The bells chimed early this morning at my alma mater, signalling a day off–a day to enjoy nature, celebrate fall, take a break from papers, work, stress and the daily grind. The echo of the ringing bells reaches across distances, reverberating through the internet and social media.
“Today is Mountain Day!” The bells chime loudly, beckoning memories of times past as well as instigating a yearning inside those who cannot take a break.
The bells echo back into time. A journey of just a minute, but many, many years. Vivid images of a young woman, unsure in so many ways, flit through the filmstrip in my mind.
She spent one Mountain Day with people–some might call them friends, others might see them as the siren call to this young woman who never quite belonged. The fantasy friends who she wanted strove to be like but never quite could.
They didn’t drive to the mountains, but chose to hike and picnic in the hills near campus. They climbed a hill that whispered with the messages of tall grasses about the fall colors deepening all around. They twirled, and laughed, and sang at the top of their lungs, “The hills are alive, with the sound of music!” Until the awkward young woman twirled one too many times, stepped into a hidden hole, and fell down spraining her ankle.
Already feeling embarrassed that she was always the slowest hiker, the slowest climber, the heaviest person, the most inept athlete–now she felt the added humiliation of an injury that could have been avoided. She needed help to get home. She felt ashamed. She always felt like she couldn’t do anything right.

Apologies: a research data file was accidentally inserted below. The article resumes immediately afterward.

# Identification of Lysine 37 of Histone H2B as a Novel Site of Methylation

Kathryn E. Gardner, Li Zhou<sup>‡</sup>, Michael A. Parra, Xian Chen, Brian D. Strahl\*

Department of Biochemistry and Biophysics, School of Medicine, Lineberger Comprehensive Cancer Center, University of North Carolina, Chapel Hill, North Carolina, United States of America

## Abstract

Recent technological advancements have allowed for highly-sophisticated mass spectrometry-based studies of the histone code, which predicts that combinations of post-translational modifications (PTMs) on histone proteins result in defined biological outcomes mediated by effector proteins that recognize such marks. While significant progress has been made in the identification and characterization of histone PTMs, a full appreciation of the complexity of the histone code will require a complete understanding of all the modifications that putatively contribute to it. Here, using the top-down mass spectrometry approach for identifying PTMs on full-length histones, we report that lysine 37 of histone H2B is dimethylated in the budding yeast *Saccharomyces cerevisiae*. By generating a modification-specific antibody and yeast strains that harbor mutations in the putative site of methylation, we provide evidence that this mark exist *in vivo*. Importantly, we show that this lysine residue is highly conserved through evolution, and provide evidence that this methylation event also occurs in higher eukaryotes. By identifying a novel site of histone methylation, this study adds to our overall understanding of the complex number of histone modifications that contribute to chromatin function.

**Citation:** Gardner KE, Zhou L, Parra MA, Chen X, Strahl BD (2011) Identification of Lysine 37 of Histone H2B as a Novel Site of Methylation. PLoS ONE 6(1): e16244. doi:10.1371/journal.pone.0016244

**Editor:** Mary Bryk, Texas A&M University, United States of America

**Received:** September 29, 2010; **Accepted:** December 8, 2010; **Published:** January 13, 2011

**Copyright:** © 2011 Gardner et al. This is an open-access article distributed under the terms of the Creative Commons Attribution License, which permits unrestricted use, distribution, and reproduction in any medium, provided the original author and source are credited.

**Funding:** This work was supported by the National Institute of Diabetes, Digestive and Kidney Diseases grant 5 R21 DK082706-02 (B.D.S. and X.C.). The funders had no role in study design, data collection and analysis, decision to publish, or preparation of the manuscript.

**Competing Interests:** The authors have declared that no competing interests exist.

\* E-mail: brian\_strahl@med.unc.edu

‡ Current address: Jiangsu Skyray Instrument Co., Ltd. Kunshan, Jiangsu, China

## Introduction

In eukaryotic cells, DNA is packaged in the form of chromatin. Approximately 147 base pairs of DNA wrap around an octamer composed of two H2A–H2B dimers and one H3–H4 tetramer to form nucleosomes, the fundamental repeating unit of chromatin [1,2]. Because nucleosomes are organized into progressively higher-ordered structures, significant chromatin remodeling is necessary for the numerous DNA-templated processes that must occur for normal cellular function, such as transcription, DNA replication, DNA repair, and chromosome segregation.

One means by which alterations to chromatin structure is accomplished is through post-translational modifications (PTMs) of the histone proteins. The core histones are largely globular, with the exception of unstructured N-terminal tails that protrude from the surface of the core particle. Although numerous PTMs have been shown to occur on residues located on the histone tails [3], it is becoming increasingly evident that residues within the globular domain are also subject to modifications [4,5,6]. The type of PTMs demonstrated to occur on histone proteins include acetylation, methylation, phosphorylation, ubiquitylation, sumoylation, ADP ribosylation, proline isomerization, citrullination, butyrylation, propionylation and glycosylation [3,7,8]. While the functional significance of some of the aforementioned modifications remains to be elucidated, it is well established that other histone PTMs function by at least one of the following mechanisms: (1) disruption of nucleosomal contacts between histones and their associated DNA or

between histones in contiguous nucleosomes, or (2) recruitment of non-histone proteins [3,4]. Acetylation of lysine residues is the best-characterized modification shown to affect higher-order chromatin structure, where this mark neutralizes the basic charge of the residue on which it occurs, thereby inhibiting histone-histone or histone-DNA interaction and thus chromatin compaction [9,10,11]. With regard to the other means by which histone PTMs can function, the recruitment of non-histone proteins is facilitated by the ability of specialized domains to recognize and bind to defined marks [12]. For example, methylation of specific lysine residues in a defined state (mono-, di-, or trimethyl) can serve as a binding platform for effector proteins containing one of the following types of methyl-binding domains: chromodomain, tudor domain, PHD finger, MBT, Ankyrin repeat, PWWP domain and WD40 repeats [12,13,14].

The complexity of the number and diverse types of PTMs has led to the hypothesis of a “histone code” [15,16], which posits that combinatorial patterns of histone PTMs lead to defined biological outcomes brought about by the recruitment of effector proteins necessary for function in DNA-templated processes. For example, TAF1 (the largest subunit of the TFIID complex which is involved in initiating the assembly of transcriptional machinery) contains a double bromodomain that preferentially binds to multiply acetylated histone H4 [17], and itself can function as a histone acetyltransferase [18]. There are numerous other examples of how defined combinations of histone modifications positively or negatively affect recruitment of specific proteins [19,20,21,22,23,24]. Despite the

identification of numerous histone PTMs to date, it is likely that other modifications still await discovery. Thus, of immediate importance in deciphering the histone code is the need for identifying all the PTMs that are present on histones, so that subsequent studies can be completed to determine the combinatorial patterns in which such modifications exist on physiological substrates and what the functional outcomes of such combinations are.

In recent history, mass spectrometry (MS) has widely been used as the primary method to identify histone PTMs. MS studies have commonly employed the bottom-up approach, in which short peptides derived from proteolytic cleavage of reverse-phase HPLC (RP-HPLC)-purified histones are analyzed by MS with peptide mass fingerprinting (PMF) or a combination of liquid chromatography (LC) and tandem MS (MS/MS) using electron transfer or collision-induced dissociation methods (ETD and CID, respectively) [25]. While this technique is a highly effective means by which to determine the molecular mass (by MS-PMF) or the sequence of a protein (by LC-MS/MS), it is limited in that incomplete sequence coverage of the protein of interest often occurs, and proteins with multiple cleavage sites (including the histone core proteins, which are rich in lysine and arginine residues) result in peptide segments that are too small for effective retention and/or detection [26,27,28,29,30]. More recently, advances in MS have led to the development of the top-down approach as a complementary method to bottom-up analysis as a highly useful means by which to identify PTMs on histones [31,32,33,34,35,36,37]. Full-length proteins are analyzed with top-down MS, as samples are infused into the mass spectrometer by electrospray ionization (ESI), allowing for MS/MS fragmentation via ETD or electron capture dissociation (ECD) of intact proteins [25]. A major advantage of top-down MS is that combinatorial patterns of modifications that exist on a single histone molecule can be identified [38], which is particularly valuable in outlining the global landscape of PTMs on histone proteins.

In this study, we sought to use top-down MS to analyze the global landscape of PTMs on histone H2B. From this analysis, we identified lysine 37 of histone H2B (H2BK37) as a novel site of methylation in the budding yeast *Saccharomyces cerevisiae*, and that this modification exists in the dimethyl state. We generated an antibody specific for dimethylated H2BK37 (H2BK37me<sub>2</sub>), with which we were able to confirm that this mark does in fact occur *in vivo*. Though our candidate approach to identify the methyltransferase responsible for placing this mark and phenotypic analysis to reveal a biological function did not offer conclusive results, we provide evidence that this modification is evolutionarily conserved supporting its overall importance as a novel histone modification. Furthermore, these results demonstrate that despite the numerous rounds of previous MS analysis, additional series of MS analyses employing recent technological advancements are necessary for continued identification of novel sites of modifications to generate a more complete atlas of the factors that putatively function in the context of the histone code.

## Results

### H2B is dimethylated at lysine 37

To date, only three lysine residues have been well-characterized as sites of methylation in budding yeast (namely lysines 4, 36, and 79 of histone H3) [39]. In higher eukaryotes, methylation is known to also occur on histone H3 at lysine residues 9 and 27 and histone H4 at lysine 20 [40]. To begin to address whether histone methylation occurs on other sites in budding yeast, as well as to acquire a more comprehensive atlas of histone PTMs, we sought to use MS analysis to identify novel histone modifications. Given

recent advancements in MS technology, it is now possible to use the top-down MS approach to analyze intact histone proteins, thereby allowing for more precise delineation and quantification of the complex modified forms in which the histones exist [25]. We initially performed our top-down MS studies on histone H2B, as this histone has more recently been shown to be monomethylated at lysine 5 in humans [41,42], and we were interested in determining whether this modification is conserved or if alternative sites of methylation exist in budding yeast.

Today, on my personal mountain, I look back on that young woman and wonder if she’s really changed. Did she find a new path to appreciate Mountain Day? Has she grown in strength and become less self-conscious and more confident?
The answer is both simple and complex.
Today I climbed to the high point of my favorite botanical gardens. I took my own personal mountain day.
I revel in my ability to move at my own pace; to climb easily to a point that just a few years ago had me huffing and puffing for breath. I relish the sounds of nature surrounding me–the call of unseen birds and insects trilling their personal messages. The crunch of my feet on gravel paths. The crackle of acorns falling through branches of trees, threatening to crash down on my head. The scurrying of chipmunks as I move into their territory and they race to get out of my path.
I sit on a bench at the high point. People converse nearby. The sounds of traffic travel over the water of the reservoir in the distance. A plane hums overhead. A gentle breeze shifts through the trees, creating a dancing tapestry of shadows on the ground and on my notebook. The breeze murmurs secrets I yearn to understand.
My mind wanders from the joy of fluffy clouds, to concerns about my choices in life, to worries about the future, to celebrations that I have the flexibility to gift myself with this time . . . this day . . . this moment. I remember the me of my past and feel sad for that young woman. I think about the me of my present who, in some ways, has never felt more confident, more powerful, more beautiful.
And yet . . .
Everywhere I walk I run into women taking together, sharing stories and concerns, sharing intimacies with one another in the safe haven of a glorious fall day. And I feel alone.
So has that young woman changed? Do the mountain day bells call to a different person then the one who tripped years ago? In many ways she had, but she still often wonders where she belongs.
Perhaps she can find herself again in the mountains.